Everyone from scientists, doctors, and government regulators to licensed nutritionists and dietitians is continuing to keep their eye on developments coming from this modality.

Man on stationary bike.
Tima Miroshnichenko / Pexels

Can biohacking optimize your health?

At best, biohacking is a way to empower individuals with ways to take charge of their own health and well-being. With that empowerment comes responsibility. You must thoroughly research and completely evaluate the safety of different biohacks. 

Too much of anything is a bad idea, so moderation is key. Biohacking allows you to prioritize and enhance your health. Just make sure you’re not relying on untested external products or technology for things you can do quite naturally and better on your own.

Man eating healthy.
Mikhail Nilov / Pexels

Biohacking with your diet

Controlling how, when, and what you eat is one of the most understandable and common biohacks. Most of us do this every day, even if we don’t call it biohacking. If you want to lose weight, change your metabolism, or improve digestion, consider biohacking your diet

Customizing your diet to optimize cellular nutrition is just a fancy way of saying that you consume a diet rich in vitamins, minerals, antioxidants, and essential fatty acids. Popular movements like keto diets or intermittent fasting do this to build a foundation for healthier cells and affect cellular energy production.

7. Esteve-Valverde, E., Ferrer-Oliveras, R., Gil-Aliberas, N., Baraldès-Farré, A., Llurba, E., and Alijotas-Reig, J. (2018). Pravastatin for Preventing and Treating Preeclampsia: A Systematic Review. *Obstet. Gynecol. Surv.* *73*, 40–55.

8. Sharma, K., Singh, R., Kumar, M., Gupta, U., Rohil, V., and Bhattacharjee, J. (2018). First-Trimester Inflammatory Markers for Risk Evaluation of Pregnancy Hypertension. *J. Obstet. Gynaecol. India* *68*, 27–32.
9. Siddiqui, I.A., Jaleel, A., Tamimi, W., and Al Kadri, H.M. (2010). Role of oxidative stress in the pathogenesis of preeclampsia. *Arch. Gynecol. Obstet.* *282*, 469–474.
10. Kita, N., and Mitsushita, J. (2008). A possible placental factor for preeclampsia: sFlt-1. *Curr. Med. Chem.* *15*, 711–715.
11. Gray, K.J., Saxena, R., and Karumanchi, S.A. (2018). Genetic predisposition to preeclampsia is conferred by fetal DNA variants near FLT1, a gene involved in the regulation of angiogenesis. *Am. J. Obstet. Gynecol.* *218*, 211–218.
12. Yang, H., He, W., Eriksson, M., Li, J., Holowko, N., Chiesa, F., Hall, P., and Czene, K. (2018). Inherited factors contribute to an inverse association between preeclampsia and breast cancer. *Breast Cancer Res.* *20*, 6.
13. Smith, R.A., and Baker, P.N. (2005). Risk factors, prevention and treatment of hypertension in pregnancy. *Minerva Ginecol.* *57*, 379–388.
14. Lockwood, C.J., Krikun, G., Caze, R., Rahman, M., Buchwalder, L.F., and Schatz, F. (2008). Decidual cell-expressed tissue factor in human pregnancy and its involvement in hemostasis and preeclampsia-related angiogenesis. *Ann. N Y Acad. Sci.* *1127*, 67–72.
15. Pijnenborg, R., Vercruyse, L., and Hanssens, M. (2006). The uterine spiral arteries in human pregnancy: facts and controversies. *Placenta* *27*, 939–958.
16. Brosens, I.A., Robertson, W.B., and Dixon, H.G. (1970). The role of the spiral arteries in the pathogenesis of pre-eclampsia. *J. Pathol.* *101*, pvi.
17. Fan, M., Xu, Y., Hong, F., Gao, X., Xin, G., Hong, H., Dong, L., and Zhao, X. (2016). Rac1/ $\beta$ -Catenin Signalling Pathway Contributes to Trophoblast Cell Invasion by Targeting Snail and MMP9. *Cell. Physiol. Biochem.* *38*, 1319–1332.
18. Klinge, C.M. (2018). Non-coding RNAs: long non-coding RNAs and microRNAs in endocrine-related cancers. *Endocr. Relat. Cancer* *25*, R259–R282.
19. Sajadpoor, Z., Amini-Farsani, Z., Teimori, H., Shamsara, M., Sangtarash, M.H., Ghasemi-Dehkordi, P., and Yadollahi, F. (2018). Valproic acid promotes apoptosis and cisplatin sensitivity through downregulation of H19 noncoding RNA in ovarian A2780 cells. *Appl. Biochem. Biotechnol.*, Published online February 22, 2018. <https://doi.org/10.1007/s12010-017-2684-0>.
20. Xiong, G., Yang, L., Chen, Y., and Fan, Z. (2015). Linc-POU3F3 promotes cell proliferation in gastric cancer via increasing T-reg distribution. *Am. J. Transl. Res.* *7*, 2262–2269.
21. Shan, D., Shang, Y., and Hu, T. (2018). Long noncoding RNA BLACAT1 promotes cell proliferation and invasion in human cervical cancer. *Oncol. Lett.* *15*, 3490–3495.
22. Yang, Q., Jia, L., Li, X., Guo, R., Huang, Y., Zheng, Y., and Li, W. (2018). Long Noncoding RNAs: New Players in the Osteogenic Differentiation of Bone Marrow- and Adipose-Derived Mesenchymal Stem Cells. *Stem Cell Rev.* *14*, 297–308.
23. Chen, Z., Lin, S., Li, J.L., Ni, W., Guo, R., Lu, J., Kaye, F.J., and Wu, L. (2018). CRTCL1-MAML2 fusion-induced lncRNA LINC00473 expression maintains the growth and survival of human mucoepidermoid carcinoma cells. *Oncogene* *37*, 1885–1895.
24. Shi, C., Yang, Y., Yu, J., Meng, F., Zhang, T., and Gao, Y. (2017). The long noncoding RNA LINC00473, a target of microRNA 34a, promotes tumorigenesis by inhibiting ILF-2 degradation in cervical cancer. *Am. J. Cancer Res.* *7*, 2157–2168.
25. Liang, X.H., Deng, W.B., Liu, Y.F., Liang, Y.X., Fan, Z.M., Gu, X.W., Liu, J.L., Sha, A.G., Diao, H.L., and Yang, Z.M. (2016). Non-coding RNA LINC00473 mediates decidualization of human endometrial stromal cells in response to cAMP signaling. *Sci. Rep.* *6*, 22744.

This can also help you maintain a healthier weight by reducing the risk of chronic disease, metabolic imbalance, and insulin resistance. Many hackers also report better physical performance and fitness levels.

Other diet biohacking examples include the following:

  • Blood sugar control supplements
  • Glucose monitors
  • Prebiotics
  • Probiotics
  • Ketone breath analyzers
  • Metabolism monitoring devices
  • Limiting foods that cause gut inflammation
  • Nutrigenomics 
Man putting on boxing gloves
Bruno Bueno / Pexels

Biohacking with exercise

Biohacking workout routines and combining certain nutrition and lifestyle practices can lead to faster weight loss, muscle gain, and recovery times. Depending on your goals and medical history, you can implement a host of hacks before, during, and after exercise to see better results quickly.